Hatsan Escort Rimfire (Synthetic) - test & review
PUBLISHED: 11:41 06 March 2021
Chris Parkin reviews the great value Hatsan Escort Rimfire, which comes with everything you need to get started right away!
HATSAN ESCORT RIMFIRE SYNTHETIC - BRIEF OVERVIEW
PROS: Lots of useful accessories supplied; Well balanced handling; Tough capable plinking or hunting tool; RRP is worth it for the rifle alone
CONS: No sling swivels supplied; Limiting parallax on the scope
VERDICT: It’s too easy to judge rimfires against the price of an old second-hand rifle but this is brand new and fully functional, with everything except ammunition in one package. Just the right balance of evolution and proven functionality built into a legendary design at a great price.
Model: Hatsan Escort Rimfire Synthetic (Walnut also available)
Barrel length: 18”/460mm, Screwcut ½” UNF
Overall Length: 37.5”/955 mm
Length of Pull: 14”/360mm
Overall Weight: 7.1 lbs/3.2 kg inc. scope and mounts
Magazine capacity: 5 plus extra magazine
Stock Material: Polymer with internal magazine storage,
Accessories supplied: Bipod, Slip, Scope, Mounts, 2 magazines, Flash Hider
CONTACT: Edgar Brothers 01625 613177
SK Standard Plus ammunition www.vikingarms.com 01423 780810
Winchester Ammunition www.browning.eu 01235 514550
HATSAN ESCORT RIMFIRE SYNTHETIC - IN-DEPTH TEST & REVIEW
I imagine a large number of us entered the world of rifle shooting using a .22 rimfire that was quite likely a BRNO or maybe a CZ 452. I certainly did and it’s tricky to see newer versions as inherently any more accurate. However, stocks have moved on significantly from the old hog’s back offerings, with their super long barrels and iron sights, and these are now often found priced to sell on dusty shelves in the back of a gunshop.
Hatsan have chosen to copy one of the most iconic rimfires, the CZ 452 with a nod to modernity, furnish it with a striking synthetic stock and a plethora of accessories, and offer a package deal that needs only ammunition to get you shooting on the range. It’s not perfect, but it’s a great start for any shooter who would otherwise waste money buying incorrect accessories before learning what will and will not be of use to them in the longer term.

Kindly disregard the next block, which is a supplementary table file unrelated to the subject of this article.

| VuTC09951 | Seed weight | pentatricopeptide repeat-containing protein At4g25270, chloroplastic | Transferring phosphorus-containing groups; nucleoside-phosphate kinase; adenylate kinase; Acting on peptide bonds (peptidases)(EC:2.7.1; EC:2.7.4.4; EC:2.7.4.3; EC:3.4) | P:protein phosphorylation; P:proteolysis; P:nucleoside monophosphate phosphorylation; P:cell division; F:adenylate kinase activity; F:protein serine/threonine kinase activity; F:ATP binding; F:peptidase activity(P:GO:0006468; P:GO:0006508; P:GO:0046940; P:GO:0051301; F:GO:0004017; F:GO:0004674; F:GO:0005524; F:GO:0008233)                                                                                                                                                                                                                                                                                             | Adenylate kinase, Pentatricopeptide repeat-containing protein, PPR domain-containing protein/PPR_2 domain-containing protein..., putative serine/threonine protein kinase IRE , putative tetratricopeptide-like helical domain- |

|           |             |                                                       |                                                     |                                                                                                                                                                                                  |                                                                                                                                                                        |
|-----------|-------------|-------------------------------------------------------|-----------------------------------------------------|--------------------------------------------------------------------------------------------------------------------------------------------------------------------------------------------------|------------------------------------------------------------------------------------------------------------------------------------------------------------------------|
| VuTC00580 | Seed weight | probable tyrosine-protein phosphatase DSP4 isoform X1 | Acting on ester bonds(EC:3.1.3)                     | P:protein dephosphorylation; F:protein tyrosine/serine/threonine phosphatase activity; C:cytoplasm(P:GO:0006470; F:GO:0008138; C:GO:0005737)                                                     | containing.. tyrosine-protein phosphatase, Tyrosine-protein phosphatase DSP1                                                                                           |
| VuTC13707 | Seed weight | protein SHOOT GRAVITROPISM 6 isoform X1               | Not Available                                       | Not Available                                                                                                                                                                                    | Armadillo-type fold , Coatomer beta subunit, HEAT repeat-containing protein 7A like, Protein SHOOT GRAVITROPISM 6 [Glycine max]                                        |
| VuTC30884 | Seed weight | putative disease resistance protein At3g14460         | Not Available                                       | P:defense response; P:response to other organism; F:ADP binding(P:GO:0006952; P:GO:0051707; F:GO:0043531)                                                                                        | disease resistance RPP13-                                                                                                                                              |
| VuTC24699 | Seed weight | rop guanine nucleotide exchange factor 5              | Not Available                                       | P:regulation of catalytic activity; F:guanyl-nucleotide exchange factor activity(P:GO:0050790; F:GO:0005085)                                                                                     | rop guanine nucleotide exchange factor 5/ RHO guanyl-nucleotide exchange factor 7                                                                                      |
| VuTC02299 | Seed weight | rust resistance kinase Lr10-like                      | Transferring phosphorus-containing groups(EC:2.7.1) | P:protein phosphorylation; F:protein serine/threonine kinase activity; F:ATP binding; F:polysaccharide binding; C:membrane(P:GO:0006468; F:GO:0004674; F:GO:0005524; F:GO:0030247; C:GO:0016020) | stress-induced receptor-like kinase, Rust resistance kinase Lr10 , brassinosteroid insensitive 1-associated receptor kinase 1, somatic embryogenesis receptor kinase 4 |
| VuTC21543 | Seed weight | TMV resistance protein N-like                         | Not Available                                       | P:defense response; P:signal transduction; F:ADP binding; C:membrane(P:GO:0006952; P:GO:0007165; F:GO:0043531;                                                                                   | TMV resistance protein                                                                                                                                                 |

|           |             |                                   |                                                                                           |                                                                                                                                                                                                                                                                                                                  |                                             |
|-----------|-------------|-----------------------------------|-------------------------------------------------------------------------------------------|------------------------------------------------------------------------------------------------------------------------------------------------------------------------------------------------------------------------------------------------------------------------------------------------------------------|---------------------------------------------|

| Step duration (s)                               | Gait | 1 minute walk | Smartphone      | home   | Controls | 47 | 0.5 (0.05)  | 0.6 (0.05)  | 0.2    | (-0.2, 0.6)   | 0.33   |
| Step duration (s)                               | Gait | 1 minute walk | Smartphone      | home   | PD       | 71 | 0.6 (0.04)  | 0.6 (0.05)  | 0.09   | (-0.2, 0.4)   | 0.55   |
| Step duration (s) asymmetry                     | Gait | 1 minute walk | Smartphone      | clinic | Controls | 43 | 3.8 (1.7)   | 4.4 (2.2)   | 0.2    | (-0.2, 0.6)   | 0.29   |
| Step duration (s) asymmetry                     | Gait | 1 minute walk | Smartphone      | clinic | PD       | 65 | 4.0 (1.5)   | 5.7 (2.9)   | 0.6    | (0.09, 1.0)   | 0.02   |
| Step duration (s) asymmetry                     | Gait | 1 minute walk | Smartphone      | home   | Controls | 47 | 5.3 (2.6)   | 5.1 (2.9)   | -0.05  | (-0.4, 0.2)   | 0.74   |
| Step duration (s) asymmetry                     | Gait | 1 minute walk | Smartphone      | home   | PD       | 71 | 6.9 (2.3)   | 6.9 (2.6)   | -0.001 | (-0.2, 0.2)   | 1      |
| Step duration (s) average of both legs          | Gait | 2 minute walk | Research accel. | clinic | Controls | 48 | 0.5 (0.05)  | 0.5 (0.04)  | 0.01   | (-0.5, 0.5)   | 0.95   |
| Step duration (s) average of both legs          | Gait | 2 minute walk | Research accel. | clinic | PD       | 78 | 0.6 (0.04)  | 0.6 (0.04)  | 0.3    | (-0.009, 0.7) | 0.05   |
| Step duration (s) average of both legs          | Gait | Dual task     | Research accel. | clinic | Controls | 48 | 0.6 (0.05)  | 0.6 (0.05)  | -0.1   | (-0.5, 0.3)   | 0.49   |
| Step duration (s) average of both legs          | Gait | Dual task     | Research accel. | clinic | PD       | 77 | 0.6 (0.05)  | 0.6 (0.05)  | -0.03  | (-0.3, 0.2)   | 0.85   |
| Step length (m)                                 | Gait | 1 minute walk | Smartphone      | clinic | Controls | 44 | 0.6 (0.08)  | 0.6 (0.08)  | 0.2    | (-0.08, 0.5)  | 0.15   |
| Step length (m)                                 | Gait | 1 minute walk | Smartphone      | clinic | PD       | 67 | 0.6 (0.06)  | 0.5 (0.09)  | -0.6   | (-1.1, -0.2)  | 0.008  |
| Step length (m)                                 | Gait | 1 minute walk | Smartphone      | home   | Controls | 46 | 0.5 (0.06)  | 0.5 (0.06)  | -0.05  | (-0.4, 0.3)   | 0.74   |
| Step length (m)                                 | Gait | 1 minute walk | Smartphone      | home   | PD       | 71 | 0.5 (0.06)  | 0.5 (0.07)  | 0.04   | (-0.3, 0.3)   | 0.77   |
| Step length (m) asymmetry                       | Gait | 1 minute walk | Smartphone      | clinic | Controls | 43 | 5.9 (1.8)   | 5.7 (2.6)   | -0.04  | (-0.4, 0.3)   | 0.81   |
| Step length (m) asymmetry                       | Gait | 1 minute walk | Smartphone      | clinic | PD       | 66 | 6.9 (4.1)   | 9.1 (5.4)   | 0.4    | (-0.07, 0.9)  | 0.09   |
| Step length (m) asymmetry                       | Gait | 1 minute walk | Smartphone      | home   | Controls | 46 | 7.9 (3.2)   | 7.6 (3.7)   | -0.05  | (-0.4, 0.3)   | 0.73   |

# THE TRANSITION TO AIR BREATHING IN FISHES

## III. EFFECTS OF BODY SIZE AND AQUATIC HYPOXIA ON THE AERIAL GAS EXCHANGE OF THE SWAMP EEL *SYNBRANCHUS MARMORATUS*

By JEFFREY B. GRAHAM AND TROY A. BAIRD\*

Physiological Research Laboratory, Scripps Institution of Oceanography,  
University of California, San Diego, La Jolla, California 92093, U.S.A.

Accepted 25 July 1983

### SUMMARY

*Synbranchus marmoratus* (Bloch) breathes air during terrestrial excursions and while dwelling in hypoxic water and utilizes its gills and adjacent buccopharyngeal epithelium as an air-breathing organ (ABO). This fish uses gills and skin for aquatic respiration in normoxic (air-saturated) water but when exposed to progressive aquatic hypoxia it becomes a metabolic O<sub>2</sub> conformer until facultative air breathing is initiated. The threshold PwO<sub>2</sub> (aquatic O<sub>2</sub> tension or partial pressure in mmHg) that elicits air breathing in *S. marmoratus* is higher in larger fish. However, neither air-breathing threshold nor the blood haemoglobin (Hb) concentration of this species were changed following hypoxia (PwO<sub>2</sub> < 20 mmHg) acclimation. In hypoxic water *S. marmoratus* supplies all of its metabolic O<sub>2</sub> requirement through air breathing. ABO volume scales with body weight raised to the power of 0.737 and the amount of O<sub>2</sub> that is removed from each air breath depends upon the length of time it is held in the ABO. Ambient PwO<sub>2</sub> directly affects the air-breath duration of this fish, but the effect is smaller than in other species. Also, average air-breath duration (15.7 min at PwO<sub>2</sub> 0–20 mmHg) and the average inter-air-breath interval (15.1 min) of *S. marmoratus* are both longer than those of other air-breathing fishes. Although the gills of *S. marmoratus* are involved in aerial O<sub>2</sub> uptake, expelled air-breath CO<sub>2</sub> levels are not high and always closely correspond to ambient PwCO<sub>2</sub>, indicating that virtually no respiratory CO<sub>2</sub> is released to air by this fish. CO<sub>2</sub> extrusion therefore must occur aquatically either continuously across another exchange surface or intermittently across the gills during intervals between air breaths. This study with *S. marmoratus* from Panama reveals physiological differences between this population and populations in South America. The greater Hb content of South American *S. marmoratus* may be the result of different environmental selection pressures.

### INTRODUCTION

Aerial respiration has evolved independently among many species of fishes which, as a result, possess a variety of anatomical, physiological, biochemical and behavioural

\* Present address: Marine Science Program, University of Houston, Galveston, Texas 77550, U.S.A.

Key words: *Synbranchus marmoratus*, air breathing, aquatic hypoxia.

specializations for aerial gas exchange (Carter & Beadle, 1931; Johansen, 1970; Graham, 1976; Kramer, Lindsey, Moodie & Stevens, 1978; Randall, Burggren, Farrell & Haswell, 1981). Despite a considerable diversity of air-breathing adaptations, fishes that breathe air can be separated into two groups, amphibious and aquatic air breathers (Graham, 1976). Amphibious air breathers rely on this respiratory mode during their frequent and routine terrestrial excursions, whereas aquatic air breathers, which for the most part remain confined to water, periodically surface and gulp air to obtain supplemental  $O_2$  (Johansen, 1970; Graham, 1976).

What’s in the box
Opening the Hatsan’s box revealed a matt black rifle in a matching polymer stock. The barrel isn’t free-floated, but it looks to be a solidly snug barrelled action within a stiff forend. A muzzle brake is supplied, although it’s more like a flash hider to my eyes for the minimal recoil a .22 LR will generate. This surrounds a ½” UNF thread, so a moderator is easily added and I immediately did so.
Working back, the forend shows a slightly radiused profile with minimal tulip tip. Inlaid stippling is presented on the forend’s walls and grip, which is truly ambidextrous with no palm swell. No left hander is available. A short length of Picatinny sits under the forend with a sling stud to compliment the supplied sling, although, oddly, no swivels are included with this otherwise comprehensive package.
Also included is a lightweight slip and a folding, ‘non-canting’ bipod that attaches to the underside rail. This has extendable legs and although not quite as easy to manipulate on uneven ground as a ‘canting’ unit, proved reliable and sturdy and capable of withstanding recoil pad pressure without collapse from the locking latches.
Further back along the stock’s underside, a CZ-compatible 5-shot magazine is retained by a front catch in the steel-surrounded mag well, with a second spare inserted into a latched ‘well’ beneath the stock’s butt for additional storage. The upper comb is slim and parallel in profile, shaped for good cheek weld under the cheekbone but sadly very low, unless you’re using iron sights – which are not something supplied or likely to be fitted.
There is an underside bag rider with a second sling stud and plenty of space to position and manipulate a soft bag or supporting fist for effective elevation control, all finished off with a ventilated recoil pad 25mm thick, providing 14”/360mm length of pull. This is something of a delight, and rarely seen on .22 rimfires from the US as they seem to only be marketed as a gun for kids.
Returning to the mechanicals, a single-stage trigger is shown within a rolled-steel guard, providing enough space for a gloved finger. The curved steel blade is also typical ‘CZ’ with a medium 860gr pull, but some creep, so you will feel it move. Workable at this price. The bolt handle offers slick performance and the gun feels well made, far less gritty than NEW CZ 452s I’ve used when first bought.